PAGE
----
A raised dot (·) indicates a break where we might expect a colon (:) or semicolon (;) in English.

ἐπροφήτευσεν λέγων· Εὐλογητός κύριος ὁ θεὸς τοῦ Ἰσραήλ. He prophesied saying: Blessed be the Lord God of Israel. (Luke 1:67-68)

The Greek question mark poses the greatest potential for confusion and should be learned with care. It looks like an English semi-colon (;).

τί λέγει; What does it say? (Romans 10:8)

Writing the Greek Upper Case Letters

Notice that all of the upper case letters sit neatly on the line. None of them extend below it.


Take a piece of paper and practice writing these letters.

If you are learning Greek in a classroom setting, your instructor may ask to see your work. Write as neatly as you can.

Greek Word Order

The order of the words in a Greek sentence often does not match the order of the words in a good English translation of that sentence. As this course proceeds, you will learn how to understand Greek word order and choose the best order for your English translation. Some examples appear in the exercise that follows.

Reading and Translation

Read the Greek, and attempt your own translation. After attempting your own translation, look at the English translation provided. Sometimes more than one translation is provided. Write down for review any words or phrases that you translate incorrectly.

The Greek texts in this exercise include several words that you have not seen before. Try to guess at what they might mean before you look at the English translation.

1. Ἐν ἀρχῇ

In [the] beginning

2. [ἦν = was, existed] Ἐν ἀρχῇ ἦν ὁ λόγος.

In the beginning was the word. / The word existed in the beginning.

3. ὁ λόγος ἦν θεός.

The word was God.

4. θεὸς ὁ λόγος ἦν.

The word was God.

While the Greek word order is different in examples 3 and 4, the English translation is the same. Here's why: The small word ὁ (often translated as "the"), marks the subject of the sentence. It indicates that the word that follows it (λόγος "word") is the subject, not the complement, of the verb ἦν. In English, the subject of a simple sentence comes first, so the translation must be "The word was God," not "God was the word."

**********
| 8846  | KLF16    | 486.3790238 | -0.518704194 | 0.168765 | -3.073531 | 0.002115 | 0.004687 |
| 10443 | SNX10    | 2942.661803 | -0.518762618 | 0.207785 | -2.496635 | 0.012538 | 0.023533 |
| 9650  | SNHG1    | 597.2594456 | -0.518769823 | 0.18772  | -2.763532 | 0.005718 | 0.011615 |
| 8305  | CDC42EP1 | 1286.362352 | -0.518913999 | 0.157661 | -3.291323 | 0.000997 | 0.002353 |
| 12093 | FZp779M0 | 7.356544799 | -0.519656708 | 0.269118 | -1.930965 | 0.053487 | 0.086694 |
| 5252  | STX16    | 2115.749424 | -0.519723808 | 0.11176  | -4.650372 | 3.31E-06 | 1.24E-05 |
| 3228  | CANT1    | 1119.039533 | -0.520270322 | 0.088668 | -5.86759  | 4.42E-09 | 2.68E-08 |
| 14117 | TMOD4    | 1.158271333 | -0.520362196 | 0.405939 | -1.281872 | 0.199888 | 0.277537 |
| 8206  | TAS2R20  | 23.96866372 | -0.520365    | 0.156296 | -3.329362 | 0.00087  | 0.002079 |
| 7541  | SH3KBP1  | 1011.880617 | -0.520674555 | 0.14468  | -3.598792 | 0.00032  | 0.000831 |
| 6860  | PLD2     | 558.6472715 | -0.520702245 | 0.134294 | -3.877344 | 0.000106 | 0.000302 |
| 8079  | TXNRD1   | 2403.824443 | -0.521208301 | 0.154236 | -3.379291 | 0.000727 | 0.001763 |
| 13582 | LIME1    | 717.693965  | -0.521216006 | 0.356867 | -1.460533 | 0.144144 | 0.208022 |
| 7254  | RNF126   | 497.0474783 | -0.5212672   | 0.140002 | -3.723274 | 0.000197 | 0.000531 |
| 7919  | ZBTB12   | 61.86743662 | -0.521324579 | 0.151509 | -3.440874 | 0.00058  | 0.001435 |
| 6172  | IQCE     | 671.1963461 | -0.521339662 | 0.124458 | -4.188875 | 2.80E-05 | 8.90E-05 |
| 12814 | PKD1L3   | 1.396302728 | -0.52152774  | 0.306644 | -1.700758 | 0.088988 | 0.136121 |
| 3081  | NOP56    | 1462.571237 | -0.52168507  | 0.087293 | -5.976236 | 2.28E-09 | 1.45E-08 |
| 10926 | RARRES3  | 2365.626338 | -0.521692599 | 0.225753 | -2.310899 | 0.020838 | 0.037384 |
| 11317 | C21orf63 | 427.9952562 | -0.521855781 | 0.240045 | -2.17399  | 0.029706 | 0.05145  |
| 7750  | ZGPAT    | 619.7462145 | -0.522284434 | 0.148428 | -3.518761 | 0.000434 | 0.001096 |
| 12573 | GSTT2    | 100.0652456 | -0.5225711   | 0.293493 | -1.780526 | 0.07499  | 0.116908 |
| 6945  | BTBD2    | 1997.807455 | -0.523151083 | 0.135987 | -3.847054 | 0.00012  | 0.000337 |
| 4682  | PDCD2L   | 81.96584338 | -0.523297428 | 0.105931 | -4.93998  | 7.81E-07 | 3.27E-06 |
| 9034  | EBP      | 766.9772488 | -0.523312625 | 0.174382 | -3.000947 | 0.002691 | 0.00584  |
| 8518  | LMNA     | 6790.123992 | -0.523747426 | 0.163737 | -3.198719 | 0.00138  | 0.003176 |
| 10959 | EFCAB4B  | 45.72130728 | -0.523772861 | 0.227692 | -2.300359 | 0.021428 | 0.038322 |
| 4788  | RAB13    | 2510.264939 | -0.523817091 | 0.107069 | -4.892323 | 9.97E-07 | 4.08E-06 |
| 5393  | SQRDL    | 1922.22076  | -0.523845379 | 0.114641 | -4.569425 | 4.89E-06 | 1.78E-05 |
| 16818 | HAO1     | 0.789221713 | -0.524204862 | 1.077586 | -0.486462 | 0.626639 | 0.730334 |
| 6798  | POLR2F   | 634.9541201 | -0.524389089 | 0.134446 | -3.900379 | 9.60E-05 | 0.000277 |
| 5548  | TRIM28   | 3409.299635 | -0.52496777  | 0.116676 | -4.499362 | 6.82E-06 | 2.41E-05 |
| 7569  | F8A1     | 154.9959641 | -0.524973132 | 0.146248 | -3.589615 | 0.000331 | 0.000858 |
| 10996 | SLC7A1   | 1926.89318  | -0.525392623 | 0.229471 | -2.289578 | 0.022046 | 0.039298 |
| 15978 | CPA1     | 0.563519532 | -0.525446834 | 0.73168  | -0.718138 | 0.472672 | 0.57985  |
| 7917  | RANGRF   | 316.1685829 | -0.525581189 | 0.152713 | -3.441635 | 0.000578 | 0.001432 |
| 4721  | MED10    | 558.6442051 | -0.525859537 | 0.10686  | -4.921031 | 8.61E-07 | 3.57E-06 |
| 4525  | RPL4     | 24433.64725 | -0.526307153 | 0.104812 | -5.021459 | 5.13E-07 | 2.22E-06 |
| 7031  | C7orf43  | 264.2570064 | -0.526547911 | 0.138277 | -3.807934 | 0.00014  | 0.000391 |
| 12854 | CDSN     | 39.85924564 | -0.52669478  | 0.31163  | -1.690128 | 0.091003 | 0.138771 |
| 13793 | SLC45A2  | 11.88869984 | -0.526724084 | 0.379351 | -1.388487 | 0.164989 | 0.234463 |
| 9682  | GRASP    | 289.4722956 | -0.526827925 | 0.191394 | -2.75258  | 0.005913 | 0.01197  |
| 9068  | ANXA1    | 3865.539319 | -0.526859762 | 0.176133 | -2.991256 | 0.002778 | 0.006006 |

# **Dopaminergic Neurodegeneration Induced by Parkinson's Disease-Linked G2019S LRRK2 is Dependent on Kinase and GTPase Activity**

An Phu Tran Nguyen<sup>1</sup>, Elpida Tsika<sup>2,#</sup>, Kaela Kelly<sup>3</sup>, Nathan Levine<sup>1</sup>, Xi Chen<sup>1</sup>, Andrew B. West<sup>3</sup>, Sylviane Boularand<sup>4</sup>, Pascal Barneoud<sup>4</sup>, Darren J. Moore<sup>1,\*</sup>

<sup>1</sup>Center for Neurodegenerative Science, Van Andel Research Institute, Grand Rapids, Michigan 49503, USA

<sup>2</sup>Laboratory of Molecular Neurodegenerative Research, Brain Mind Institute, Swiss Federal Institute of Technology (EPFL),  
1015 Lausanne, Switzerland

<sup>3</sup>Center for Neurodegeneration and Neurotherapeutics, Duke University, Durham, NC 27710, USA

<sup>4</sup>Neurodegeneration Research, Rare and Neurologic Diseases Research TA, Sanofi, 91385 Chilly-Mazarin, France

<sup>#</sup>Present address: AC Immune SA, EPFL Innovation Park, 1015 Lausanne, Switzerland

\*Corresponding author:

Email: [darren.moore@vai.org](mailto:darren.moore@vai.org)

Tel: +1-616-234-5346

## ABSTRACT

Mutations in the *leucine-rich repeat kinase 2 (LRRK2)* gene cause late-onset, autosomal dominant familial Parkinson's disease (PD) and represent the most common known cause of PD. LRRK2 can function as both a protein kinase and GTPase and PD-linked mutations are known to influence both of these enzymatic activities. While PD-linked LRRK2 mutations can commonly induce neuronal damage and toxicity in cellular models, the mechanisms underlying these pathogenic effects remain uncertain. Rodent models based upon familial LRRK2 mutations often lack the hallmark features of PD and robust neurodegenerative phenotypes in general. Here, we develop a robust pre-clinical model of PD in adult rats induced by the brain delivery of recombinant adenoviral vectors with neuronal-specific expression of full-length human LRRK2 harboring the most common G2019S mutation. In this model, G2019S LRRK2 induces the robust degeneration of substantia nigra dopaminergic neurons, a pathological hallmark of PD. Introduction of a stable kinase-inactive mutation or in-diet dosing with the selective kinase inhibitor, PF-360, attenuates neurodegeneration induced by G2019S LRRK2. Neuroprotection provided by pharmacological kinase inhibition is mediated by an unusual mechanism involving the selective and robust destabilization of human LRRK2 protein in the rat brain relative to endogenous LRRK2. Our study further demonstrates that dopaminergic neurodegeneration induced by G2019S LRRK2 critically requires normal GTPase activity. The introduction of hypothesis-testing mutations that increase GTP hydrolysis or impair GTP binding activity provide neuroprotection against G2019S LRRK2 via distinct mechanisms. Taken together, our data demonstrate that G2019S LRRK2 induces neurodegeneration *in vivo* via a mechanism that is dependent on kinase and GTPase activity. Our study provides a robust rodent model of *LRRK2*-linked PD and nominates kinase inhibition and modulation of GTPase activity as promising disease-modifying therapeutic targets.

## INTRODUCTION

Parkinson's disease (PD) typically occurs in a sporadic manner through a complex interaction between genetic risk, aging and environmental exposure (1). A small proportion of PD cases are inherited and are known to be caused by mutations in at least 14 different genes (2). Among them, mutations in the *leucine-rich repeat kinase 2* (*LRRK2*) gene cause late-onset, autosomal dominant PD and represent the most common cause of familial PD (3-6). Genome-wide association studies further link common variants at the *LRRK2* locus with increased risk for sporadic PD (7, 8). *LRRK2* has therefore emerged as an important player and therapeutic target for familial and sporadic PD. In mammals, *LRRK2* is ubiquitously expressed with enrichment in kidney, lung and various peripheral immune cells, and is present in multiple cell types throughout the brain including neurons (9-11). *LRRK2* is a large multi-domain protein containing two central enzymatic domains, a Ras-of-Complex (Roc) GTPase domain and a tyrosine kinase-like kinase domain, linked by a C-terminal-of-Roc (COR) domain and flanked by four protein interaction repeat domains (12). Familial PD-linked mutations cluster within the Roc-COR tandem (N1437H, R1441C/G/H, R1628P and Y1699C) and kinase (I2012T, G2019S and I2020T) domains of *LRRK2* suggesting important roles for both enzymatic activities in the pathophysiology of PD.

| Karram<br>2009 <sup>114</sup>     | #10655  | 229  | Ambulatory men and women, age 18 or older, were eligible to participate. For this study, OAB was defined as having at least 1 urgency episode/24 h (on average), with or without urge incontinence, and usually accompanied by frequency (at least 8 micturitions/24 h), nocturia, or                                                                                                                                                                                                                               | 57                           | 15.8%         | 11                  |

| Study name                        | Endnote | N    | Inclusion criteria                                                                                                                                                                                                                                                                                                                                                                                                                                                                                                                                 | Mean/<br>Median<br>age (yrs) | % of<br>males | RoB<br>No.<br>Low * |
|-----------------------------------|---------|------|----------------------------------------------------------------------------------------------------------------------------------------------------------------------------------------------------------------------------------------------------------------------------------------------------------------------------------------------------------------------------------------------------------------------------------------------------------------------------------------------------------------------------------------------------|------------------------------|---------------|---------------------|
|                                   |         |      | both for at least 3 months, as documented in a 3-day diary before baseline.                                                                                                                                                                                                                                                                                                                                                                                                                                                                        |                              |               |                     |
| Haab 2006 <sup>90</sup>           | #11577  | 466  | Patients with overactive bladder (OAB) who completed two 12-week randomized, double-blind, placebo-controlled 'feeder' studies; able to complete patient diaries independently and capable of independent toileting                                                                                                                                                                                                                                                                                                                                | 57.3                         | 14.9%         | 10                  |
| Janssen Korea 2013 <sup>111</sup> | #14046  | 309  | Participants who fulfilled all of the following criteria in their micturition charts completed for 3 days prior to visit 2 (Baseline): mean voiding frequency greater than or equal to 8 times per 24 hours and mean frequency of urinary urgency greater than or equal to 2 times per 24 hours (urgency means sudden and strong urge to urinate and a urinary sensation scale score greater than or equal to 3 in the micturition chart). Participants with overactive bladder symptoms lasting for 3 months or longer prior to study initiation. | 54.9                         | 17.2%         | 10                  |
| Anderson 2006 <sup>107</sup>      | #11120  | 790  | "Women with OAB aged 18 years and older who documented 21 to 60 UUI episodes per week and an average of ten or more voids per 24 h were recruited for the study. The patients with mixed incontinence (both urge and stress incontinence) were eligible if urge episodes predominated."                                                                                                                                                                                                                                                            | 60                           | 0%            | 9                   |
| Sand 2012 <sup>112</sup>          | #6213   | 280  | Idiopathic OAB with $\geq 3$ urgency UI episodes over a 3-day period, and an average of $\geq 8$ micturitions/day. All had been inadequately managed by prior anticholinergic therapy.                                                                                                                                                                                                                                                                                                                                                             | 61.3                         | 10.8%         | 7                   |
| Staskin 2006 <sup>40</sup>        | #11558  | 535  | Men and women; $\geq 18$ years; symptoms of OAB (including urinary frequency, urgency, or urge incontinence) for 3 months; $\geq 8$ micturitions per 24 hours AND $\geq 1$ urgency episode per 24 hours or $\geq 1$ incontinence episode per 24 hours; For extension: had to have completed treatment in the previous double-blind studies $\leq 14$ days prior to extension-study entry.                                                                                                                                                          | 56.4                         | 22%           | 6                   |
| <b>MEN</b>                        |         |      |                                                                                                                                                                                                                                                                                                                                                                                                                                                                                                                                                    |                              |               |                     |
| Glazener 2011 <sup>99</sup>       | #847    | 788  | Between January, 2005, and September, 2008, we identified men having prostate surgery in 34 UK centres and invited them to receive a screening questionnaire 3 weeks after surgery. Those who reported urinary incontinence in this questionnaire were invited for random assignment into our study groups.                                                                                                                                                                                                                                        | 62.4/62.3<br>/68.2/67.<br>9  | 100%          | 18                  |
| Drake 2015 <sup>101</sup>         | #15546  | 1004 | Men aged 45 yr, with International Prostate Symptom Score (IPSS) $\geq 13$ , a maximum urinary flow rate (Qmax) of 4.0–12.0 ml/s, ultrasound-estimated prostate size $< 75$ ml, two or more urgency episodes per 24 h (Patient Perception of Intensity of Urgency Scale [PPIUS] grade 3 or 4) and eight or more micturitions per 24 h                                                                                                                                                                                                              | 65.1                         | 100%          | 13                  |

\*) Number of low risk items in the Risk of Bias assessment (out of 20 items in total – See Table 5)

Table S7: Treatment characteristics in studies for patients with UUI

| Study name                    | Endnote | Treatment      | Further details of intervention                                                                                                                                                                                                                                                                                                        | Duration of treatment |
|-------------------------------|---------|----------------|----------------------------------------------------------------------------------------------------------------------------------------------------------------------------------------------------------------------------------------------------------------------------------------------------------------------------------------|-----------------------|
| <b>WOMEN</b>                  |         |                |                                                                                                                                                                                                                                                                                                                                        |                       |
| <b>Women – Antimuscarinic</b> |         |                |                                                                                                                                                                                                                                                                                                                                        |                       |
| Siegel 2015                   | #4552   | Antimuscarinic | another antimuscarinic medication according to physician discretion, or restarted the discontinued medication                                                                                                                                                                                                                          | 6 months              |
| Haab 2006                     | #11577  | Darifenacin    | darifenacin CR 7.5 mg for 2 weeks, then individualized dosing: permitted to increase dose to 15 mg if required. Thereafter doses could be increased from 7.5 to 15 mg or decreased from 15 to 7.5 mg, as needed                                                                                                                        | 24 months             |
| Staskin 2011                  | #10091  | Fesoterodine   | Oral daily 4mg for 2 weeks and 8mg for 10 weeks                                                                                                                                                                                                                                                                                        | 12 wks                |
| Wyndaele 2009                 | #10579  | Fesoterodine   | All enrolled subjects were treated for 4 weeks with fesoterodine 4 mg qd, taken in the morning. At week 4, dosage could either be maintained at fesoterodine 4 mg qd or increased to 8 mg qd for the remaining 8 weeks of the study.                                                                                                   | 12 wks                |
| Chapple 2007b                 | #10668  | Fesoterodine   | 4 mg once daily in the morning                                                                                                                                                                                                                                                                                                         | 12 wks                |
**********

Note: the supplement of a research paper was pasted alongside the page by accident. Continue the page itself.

5. θεὸς ἦν ὁ λόγος.

The word was God.

Once again, ὁ marks λόγος as the subject of the sentence, so it must come first in English. The word order used here is the one that appears in John 1:1 of the Greek New Testament.

The difference between sentences 4 and 5 is one of subtle thematic prominance. You will learn more about this later.

6. ὁ λόγος ἦν πρὸς τὸν θεόν. (Guess what πρὸς means.)

The word was with God.

In the lessons that follow, you will learn why the Greek word for God is spelled θεόν here in stead of θεός.

7. [καί = and] Ἐν ἀρχῇ ἦν ὁ λόγος, καὶ ὁ λόγος ἦν πρὸς τὸν θεόν.

In the beginning was the word and the word was with God (John 1:1).

8. Ἐν ἀρχῇ ἦν ὁ λόγος, καὶ ὁ λόγος ἦν πρὸς τὸν θεόν, καὶ θεὸς ἦν ὁ λόγος.

In the beginning was the word, and the word was with God, and the word was God (John 1:1).

Pronunciation Practice

Practice pronouncing the following words. If you are studying in a classroom setting, listen to your instructor's pronunciation, and attempt to imitate it. Your instructor may ask you to pronounce these words in class.

9. θεός The little slanted line above the ο indicates that this vowel should be pronounced slightly louder than the one before it. The pronunciation should be theh-Os, not thEh-os.

10. πέμπω Be careful with the combination μπ. This combination is pronounced /mb/, not /mp/.

11. λόγος Because the γ is followed by ο, it is pronounced like the g in "get," not the y in "yet."

12. ἀρχή Once again, pay attention to the accent mark above the letter η. This word should be pronounced arkhEE, not ARKHee.

13. Δαυίδ Be careful with the combination αυ. It should be pronounce as /av/, not /au/. The name is pronouned Daveed, not Daweed.

14. Λευί Be careful with the combination ευ. It should be pronounce as /ev/, not /eu/. The name is pronouned Lehvee, not Lehwee.

Vocabulary Self-Quiz

Now that you have read the entire lesson, take the following quiz to see how you are doing. Do not look back at the lesson until after you have completed the entire quiz. On a sheet of paper, copy each of the following names, and add an English translation for each one in the blank space to its right.

15. Δαυίδ _______________ 16. Ἀβραάμ _______________ 17. Ἰακώβ _______________ 18. Ἰσαάκ _______________ 19. Μαρία _______________

Copy each of the following words onto a sheet of paper, and give an English translation for each one.

20. ἀπόστολος _______________ 21. λόγος _______________ 22. μέγα _______________ 23. μικρός _______________ 24. θεός _______________

To check your answers, compare the tables below.

Check Your Self-Quiz










Mary (or Maria)






big, large, great


little, small



If you understood at least seven of these ten correctly, congratulate yourself. You are ready to proceed to lesson three. If you understood less than seven correctly, you should review lesson two before proceeding to lesson three.